The story of the Bay of Pigs debacle, in April of 1961, is told here in dazzling detail. Essentially, it failed because of the Kennedy Administration's obsession with "plausible deniability," meaning that no matter how transparently an action might be American, it had to be done in such as way as to enable the White House to deny American involvement. That proposition, in place the length of the six-year war, repeatedly ended in politics trumping strategic thinking. (For example, the highly experienced CIA men nominally in charge of the Bay of Pigs operation wanted B-25 bombers rather than B-26's, because they were more flexible and reliable. The political operatives around Kennedy insisted on B-26's. Why? "Because the 26's were more deniable. They were more readily available on the open arms market.")

The death blow was struck when Kennedy -- influenced mainly by the very-dovish Secretary of State Dean Rusk -- first reduced the number of planes from 16 to 6, and then halved the number of planes in the first, softening-up air strike three days before the invasion, and then calling off altogether the second strike scheduled to coincide with the invasion itself. ("Deniability?" I was among reporters at the Opa-Locka private airport outside Miami awaiting two of the "clandestine" planes when they returned from that first raid.)

The day after the ill-stared invasion collapsed -- April 20, 1961 -- "Bobby Kennedy," Bohning reports, "was angry." The young Attorney General, his Brother's closest confidante, then took charge of an all-out campaign to oust Castro from power -- dead or alive. In the aftermath, the CIA put together south of Miami the largest base in the world outside of its Langley, Virginia headquarters -- a bit odd, considering that the United States was then, as leader of the Western alliance, locked in a life-and-death struggle with the Soviet Union.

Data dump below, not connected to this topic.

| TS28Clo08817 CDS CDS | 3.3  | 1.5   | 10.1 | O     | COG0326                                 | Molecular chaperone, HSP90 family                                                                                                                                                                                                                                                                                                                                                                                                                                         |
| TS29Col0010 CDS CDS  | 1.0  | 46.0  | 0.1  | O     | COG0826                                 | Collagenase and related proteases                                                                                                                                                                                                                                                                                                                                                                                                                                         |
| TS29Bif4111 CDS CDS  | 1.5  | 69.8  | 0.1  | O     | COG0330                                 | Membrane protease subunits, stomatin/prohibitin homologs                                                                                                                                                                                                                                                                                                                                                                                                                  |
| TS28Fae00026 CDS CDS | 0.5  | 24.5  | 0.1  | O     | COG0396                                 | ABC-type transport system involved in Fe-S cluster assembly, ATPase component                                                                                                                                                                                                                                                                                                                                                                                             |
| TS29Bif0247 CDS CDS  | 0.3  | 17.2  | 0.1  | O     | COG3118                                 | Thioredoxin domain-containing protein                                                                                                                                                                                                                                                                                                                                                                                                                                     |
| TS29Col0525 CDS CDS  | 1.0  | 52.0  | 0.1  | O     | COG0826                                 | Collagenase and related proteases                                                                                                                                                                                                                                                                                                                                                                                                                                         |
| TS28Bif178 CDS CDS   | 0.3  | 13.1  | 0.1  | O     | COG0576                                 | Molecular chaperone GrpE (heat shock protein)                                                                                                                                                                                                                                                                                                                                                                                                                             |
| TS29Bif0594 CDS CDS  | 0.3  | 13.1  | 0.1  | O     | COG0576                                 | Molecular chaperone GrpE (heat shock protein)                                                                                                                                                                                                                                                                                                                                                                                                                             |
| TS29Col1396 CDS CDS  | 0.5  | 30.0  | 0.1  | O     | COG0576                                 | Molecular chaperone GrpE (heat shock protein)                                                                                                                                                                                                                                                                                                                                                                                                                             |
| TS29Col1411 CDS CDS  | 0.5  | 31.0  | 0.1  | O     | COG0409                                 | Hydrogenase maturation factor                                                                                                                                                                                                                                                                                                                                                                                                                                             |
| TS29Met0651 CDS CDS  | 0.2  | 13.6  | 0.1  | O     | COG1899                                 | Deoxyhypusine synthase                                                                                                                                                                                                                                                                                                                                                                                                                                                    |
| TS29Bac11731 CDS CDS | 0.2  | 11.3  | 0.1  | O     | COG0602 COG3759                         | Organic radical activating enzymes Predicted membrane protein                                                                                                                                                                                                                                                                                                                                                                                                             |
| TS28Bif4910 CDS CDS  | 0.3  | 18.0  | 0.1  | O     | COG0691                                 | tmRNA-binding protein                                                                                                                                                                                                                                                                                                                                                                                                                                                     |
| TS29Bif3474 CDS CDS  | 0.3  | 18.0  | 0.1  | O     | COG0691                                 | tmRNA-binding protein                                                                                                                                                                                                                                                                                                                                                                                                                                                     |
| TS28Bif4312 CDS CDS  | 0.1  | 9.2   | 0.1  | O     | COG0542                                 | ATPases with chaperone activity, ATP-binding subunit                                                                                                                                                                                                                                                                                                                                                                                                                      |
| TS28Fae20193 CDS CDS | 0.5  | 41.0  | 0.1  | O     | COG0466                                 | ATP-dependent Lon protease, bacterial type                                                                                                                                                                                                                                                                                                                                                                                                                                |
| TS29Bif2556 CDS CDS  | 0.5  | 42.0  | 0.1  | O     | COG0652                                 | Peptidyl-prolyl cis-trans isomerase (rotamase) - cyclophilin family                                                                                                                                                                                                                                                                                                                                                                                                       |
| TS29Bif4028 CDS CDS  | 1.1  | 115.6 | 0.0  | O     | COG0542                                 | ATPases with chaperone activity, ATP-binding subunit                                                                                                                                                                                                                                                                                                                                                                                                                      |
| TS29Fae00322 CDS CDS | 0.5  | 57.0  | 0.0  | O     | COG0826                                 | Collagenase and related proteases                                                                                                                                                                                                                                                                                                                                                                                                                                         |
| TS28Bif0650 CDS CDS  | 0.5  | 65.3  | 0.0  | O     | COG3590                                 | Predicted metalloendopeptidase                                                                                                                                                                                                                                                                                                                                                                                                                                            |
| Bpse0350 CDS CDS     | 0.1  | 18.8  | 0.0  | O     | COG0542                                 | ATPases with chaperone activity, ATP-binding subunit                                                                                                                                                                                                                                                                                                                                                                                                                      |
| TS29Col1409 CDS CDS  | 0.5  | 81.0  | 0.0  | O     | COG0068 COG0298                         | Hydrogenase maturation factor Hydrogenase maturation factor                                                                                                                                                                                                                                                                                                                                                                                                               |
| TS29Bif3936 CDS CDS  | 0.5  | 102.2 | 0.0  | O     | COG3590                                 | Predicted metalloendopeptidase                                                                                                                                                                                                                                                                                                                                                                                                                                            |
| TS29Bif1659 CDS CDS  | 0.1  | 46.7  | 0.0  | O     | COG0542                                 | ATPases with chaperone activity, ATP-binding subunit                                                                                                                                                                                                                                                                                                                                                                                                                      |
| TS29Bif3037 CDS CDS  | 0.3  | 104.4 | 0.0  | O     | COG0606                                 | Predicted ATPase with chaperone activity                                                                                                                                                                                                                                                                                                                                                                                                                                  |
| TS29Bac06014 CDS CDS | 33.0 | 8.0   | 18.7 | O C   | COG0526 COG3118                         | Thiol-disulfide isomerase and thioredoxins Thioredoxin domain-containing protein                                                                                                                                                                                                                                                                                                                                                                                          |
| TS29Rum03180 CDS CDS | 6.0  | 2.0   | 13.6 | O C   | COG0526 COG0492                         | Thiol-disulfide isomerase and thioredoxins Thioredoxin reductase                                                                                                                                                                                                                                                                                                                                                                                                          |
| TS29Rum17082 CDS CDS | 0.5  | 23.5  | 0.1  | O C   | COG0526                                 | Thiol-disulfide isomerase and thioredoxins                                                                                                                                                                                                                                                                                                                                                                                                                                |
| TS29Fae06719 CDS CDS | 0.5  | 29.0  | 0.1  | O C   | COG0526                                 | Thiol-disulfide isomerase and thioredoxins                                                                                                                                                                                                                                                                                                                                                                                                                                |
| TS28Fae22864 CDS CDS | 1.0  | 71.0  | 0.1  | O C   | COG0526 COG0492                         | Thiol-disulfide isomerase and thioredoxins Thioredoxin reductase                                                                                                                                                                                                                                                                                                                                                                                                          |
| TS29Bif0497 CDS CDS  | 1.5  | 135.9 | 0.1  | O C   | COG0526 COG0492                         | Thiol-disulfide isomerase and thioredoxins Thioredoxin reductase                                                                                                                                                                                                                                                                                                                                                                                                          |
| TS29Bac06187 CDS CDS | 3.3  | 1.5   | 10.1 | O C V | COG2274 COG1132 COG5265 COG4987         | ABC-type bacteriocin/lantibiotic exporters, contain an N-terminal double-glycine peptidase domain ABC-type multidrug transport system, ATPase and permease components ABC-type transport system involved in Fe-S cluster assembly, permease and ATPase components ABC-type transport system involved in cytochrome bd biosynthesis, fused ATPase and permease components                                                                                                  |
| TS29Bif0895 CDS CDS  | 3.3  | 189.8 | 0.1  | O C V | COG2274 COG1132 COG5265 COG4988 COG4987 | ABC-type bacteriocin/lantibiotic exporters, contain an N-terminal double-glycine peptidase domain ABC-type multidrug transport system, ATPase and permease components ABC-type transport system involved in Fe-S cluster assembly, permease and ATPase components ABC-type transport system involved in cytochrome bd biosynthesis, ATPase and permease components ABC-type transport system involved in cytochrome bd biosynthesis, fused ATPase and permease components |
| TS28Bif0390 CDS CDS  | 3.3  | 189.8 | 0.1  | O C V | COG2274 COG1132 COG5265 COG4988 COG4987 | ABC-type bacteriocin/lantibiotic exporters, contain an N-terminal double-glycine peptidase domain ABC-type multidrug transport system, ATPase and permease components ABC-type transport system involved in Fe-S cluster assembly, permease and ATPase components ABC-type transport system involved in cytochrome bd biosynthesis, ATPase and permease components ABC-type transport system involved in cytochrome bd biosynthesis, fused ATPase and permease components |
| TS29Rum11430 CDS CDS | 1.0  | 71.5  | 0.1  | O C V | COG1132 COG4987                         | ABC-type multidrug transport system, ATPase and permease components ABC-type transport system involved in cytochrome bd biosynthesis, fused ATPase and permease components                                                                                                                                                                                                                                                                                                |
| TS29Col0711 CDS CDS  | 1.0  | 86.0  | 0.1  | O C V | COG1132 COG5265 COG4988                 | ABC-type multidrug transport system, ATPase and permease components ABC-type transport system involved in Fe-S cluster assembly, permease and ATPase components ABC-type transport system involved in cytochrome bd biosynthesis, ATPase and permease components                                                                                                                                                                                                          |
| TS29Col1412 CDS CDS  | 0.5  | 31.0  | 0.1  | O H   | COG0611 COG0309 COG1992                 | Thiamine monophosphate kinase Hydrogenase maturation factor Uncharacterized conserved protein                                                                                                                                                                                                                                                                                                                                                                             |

As mad as Bobby was -- and he stayed mad, after his brother's assassination and right on into the Lyndon B. Johnson Administration -- the President was at least as mad. Richard Bissell, the intensively ambitious, brilliant, and very political head of the CIA's clandestine branch, would write later, Castro "had defeated the Kennedy team. They were bitter and would not tolerate his getting away with it. The president and his brother were ready to avenge their personal embarrassment by overthrowing their enemy at any cost." (Bissell, it should be noted, was probably the person most responsible for the Bay of Pigs fiasco.)

Over the next four years, "nutty schemes" -- the description was that of later CIA Director Richard Helms -- littered the landscape of Washington and JMWAVE, the CIA's Miami frontline command post. All are richly chronicled in this high-impact book.

Bohning writes not only responsibly, but well. The prose is clean, crisp, and -- not infrequently -- phrased to read as a spy novel. But, he also writes as an honest reporter would.

Don Bohning, you see, is a life-long Democrat, and indeed a former student and then cohort of one of the great icons of the liberal left of the Democratic Party, fellow South Dakotan George McGovern. Not a trace of that partisanship appears in the pages of this book.

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About the Author

James R. Whelan's books include Out of the Ashes: Life, Death and Transfiguration of Democracy in Chile, 1833-1988. He has reported on the country since 1958, and served 1992-1995 as visiting professor at the University of Chile. He presently lives in Santiago.